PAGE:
City’s New Poet Laureate Aims to ‘See Full Gamut of Houston’

Photo by Lynn Lane Photography via Instagram

"I'M SO HOUSTON I'm not from here," laughs performance poet, writer and educator Outspoken Bean, who was just named by Mayor Turner as Houston's new Poet Laureate, between sips of his particularly foamy chai tea latte on the patio of eclectic Third Ward coffee shop Doshi House. "And that's the most Houstonian thing."

Although he's not from here, as he says, he seems to know almost everyone who makes an appearance on the patio of the shop. That could, however, just be a mirage created by his confident friendliness, undoubtedly developed through years of learning how to connect authentically with audiences onstage through the outspoken verses of his spoken word poems.

Raised as a self-described military brat in San Antonio, Outspoken Bean, who has family roots in New Orleans, first fell into the performance lifestyle while in high school when he would do lunchroom table rap battles with his friends. "I was good," he remembers. "Like, really, really good."

It wasn't until he entered into college at Prairie View A&M, where he majored in drama, that Outspoken Bean was introduced to poetry slams and found his true calling in the performance of poetry. Although he didn't fully understand how poetry slams worked during his first time participating in one of them — he left after the first round, thinking he was done — the organizer of the slam, a man named Shaggy, gave him the instruction he needed for him to win his second slam.

Shaggy, seeing Outspoken Bean's potential, gave him a list of people involved in poetry slams in Houston, and things really kicked off for Outspoken Bean from there. "I started calling those people," he says, noting that he also eventually founded and coached a poetry slam group at Prairie View A&M during his senior year at the university. "And that's how I got started in Houston, and now here I am."

Since setting up roots in Houston back in 2009, Outspoken Bean has been a force to be reckoned with in the local poetry scape. He was the first poet to perform in a main-stage production with Houston Ballet. He is the creator of his own poetry festival, and he's performed in more than 35 states and at 200 universities. He was also commissioned by Pabst Blue Ribbon and Vice to write and perform a national campaign on diversity.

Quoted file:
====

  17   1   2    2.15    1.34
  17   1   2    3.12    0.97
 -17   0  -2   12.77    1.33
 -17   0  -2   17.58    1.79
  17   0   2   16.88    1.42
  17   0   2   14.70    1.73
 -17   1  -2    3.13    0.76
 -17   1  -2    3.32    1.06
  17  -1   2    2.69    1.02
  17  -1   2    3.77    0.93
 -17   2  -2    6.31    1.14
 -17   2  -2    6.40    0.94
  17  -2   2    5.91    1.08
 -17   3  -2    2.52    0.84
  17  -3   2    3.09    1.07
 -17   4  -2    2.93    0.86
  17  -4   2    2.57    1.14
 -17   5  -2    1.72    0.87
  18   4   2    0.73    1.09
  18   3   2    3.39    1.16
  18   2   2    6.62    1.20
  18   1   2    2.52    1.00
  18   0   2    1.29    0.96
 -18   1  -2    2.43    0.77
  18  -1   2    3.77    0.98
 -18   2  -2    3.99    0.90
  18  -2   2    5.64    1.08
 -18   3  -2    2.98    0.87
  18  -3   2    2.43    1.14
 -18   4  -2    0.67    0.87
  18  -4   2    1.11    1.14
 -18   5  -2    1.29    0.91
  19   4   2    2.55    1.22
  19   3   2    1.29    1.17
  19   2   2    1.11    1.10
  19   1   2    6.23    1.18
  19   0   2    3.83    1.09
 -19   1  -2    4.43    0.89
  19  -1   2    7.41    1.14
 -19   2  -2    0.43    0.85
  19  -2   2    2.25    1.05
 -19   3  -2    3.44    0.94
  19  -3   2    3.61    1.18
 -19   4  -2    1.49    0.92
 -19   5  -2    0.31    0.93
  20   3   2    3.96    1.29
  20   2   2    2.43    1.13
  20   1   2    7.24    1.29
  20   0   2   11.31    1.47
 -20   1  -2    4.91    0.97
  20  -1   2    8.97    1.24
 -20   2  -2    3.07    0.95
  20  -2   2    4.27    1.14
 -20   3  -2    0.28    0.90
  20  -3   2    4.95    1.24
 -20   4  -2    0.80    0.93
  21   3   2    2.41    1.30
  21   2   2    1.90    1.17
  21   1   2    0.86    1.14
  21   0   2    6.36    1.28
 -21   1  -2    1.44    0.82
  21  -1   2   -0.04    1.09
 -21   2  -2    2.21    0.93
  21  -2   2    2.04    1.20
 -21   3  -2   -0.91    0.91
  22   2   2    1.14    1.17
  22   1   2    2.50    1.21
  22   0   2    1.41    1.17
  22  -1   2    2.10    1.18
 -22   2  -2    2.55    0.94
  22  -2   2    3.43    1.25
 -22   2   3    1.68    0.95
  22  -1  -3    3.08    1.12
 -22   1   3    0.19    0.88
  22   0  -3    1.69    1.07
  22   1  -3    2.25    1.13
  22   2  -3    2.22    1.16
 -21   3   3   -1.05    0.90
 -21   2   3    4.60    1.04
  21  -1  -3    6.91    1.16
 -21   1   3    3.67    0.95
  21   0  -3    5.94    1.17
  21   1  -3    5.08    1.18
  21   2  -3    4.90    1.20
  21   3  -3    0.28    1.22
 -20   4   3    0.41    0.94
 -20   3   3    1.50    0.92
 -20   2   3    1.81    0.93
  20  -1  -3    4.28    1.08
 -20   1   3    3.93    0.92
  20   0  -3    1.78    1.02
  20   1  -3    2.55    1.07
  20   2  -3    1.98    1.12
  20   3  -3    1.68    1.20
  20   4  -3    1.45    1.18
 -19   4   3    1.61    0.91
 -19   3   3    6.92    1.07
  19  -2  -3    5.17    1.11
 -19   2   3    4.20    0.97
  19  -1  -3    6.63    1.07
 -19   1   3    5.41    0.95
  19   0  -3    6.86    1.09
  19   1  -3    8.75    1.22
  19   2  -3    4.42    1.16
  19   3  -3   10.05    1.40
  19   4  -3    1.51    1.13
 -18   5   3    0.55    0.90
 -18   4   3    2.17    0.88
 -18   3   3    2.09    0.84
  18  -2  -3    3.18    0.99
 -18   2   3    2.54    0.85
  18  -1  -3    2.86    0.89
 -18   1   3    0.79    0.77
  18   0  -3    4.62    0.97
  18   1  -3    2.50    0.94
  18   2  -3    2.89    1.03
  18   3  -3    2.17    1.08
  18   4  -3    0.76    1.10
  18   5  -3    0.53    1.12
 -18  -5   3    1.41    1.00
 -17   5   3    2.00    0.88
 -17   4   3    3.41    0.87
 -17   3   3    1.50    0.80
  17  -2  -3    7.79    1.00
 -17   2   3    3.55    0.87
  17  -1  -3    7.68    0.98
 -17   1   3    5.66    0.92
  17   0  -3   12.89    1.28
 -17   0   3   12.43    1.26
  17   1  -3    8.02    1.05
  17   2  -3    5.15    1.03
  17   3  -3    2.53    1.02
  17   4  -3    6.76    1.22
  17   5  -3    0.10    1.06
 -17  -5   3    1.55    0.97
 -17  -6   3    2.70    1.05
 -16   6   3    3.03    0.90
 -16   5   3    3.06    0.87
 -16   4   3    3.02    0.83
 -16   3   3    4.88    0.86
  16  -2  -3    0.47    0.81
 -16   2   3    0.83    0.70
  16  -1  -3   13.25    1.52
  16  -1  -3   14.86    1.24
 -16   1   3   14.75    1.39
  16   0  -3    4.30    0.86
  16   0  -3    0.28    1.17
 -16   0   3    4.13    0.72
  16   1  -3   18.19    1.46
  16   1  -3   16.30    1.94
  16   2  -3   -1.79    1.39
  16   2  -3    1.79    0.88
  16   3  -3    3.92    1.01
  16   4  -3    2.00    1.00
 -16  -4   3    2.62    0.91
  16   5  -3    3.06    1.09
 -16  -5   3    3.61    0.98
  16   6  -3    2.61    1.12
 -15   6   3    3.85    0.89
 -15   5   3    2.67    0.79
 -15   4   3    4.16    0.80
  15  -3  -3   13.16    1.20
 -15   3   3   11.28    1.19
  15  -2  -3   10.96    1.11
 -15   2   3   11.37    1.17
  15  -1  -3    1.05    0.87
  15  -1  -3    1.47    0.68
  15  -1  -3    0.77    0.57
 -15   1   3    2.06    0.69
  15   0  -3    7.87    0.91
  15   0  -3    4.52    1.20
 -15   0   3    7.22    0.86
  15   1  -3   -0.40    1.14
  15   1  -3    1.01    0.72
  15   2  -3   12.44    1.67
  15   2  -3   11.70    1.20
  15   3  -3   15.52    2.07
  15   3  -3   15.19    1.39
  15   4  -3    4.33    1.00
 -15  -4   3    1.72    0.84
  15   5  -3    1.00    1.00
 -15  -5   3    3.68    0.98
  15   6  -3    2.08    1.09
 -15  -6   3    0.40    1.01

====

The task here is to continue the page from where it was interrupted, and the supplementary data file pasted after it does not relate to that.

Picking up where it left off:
While balancing his busy touring schedule — at least before the pandemic, which he likes to refer to as the "panorama"— Outspoken Bean also serves as the project coordinator, lead coach and mentor of Meta-Four Houston, a local youth poetry slam group for youngsters aged 13-19. Originally founded in 2007 by former Houston journalist Shannon Buggs, who now works in the mayor's office, Writers in the Schools adopted and started funding the program in 2014.

"I'm pretty black about it," says Outspoken Bean of the subject matter of much of his work. "When I talk, I'm very black. And when I do my shows, they're centered around that. I do a lot of personal narratives, a lot of observations."

He says he's going to draw on that familiar subject matter through much of his work for his two-year term as the city's new poet laureate, and he will continue his own personal projects. In one of those projects, titled "Space City Mixtape," he will hold writing sessions at different locations all over the city in partnership with the Houston Public Library. He'll then record some of the people who participated in those writing sessions reading the pieces they developed, which will eventually be available on both free and paid streaming platforms like Spotify.

"I'm really interested in seeing the full gamut of Houston," he says of the project.

Outspoken Bean also helped organize an experimental interdisciplinary micro-festival at UH's Blaffer Art Museum that kicks off on May 23 and runs through June 5. A survey of performance across dance, theater, music, spoken work and visual art, the micro-festival, organized in tandem with guest curators Aisha Tida Abbassi, Rivkah French, Julia Barbosa Landois, Jake Sandridge and Sixto Wagan, will be free and open to the public.

Based in the Heights, where he has lived for the past eight years, Outspoken Bean jokes that if he hadn't been named as the city's poet laureate, he would have just named himself as the "Heights' Poet Laureate" and sent out a press release announcing his newly created position. In all honestly though, he says he's very excited about using his latest honor to build some bridges through his words and his work.

"I see this as a launching pad for me. This is the biggest honor I've ever gotten, and I've gotten some big honors before, but not this big, and I don't want this to be the last one," he muses. "I don't know what all of these projects are yet, but I want to do all of them."

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